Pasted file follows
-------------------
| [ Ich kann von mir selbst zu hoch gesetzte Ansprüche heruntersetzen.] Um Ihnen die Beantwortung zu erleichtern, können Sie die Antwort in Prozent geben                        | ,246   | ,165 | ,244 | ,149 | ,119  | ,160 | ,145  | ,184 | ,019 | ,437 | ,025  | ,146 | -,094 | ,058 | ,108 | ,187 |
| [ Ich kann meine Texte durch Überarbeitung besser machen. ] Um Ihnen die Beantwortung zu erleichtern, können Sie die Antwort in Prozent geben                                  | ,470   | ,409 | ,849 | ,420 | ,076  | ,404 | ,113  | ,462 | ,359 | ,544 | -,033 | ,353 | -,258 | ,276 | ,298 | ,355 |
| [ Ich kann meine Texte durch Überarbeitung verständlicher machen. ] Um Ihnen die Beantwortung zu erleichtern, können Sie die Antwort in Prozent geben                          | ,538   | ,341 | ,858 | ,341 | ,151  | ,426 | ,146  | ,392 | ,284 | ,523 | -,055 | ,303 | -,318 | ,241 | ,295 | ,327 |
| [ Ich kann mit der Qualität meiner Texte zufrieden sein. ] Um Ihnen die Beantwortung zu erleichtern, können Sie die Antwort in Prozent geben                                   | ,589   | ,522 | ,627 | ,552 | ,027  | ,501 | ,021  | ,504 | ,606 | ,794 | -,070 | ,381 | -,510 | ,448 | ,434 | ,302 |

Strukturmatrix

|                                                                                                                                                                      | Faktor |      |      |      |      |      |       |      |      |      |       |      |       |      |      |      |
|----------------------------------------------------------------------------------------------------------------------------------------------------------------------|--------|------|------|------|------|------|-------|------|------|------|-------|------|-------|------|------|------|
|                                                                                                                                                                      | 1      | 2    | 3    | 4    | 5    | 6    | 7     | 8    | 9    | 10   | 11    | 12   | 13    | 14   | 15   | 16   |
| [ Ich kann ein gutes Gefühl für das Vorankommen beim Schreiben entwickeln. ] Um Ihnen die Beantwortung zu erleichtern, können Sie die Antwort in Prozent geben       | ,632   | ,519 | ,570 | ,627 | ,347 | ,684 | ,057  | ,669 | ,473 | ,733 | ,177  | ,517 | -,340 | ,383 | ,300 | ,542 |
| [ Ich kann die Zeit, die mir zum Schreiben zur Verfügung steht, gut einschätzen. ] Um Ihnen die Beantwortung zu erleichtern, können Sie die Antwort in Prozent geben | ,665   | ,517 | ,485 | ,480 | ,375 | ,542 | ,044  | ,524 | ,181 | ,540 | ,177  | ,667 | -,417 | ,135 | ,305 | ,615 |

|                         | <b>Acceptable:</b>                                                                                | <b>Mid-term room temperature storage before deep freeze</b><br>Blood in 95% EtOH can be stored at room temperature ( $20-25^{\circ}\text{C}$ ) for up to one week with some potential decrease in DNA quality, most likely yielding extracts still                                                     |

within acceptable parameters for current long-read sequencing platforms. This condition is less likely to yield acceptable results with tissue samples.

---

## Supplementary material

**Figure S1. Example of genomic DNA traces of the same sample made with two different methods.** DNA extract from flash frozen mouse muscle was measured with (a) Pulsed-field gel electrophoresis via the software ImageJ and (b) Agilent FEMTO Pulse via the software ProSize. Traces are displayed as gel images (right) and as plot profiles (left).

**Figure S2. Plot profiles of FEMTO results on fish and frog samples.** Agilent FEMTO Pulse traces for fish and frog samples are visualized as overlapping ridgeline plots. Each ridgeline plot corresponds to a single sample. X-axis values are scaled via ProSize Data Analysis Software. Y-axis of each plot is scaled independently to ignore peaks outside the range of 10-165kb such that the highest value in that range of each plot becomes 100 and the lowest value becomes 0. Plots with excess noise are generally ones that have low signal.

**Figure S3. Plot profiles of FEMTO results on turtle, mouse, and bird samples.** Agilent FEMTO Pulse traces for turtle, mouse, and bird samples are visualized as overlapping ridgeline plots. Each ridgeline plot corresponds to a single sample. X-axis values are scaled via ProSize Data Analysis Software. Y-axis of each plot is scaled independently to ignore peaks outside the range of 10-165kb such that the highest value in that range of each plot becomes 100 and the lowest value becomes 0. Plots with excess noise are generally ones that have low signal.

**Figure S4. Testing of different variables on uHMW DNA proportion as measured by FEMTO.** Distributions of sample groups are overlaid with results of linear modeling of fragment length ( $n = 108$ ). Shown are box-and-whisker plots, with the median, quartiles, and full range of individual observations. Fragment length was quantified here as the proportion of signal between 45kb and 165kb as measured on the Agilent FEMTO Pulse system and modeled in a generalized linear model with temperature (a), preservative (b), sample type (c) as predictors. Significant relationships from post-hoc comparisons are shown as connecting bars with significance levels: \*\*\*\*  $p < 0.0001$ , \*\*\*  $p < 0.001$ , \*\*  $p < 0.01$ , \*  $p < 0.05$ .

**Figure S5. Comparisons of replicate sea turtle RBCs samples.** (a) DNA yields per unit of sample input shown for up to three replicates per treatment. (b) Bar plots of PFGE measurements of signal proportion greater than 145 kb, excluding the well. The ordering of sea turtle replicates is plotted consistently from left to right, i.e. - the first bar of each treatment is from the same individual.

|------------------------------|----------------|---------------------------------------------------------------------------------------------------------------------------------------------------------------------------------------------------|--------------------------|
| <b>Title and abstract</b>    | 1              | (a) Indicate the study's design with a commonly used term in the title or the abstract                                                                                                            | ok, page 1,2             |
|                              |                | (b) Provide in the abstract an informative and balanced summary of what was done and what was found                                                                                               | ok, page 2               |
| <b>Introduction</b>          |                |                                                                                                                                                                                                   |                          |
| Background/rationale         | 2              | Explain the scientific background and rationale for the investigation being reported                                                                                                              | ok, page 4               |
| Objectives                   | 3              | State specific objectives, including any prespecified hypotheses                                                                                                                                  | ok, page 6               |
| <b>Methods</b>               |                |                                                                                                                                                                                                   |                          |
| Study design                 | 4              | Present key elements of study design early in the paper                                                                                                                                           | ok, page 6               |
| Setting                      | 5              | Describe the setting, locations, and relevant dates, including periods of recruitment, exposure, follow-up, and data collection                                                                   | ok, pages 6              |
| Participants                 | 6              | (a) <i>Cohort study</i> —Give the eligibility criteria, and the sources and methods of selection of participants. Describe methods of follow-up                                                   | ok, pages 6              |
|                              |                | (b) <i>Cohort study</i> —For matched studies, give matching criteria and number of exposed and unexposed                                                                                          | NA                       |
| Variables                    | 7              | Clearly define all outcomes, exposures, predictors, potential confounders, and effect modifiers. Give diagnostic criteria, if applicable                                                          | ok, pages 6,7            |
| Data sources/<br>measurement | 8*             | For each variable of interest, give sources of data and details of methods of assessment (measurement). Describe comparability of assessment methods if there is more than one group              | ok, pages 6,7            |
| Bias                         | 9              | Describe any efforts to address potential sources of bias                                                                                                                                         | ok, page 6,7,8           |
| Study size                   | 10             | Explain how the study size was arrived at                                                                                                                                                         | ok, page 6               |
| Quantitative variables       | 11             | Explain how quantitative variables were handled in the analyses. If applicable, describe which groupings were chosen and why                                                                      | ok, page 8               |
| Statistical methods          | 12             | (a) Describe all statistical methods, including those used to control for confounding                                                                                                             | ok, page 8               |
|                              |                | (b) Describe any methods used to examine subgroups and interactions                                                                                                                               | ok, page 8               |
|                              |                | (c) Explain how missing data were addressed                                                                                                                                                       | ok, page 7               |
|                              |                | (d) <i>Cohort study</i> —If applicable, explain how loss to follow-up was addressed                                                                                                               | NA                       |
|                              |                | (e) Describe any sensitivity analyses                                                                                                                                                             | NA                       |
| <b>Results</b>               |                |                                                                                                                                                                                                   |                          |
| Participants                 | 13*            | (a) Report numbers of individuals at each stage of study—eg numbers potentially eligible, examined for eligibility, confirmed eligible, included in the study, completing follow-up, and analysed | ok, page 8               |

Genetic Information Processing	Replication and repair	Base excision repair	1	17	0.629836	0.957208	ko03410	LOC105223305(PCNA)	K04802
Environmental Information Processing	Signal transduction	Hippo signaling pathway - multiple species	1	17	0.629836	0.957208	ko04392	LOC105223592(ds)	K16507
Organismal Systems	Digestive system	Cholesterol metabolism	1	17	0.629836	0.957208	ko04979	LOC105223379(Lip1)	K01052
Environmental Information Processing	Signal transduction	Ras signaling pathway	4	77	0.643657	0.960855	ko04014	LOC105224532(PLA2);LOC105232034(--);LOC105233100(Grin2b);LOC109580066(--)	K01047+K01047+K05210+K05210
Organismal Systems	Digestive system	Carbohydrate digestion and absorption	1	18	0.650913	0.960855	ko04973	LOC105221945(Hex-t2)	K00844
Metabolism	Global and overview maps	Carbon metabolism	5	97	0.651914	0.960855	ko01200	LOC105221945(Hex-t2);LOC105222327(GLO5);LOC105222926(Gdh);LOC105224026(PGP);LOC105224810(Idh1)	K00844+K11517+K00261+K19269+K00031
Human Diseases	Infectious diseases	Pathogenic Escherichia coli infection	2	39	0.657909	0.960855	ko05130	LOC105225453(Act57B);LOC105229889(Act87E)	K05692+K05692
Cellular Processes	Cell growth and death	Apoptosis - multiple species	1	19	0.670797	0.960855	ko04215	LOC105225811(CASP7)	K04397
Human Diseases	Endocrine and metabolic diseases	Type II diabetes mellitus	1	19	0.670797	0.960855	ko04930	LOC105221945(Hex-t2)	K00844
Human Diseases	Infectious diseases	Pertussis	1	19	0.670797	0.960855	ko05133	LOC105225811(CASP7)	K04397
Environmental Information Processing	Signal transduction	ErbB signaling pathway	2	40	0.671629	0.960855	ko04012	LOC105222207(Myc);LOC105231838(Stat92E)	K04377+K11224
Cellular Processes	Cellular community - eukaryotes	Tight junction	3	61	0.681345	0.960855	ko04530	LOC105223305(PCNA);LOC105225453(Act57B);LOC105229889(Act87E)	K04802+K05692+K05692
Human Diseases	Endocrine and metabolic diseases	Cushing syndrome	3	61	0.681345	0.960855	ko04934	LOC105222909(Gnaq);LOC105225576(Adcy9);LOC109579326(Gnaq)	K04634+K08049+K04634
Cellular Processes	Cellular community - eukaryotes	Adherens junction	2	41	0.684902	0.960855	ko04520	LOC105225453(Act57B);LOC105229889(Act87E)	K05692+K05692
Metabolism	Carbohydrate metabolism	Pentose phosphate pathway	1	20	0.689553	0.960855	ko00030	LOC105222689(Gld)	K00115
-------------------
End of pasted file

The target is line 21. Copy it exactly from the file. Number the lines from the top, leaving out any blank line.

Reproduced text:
| <b>Title and abstract</b>    | 1              | (a) Indicate the study's design with a commonly used term in the title or the abstract                                                                                                            | ok, page 1,2             |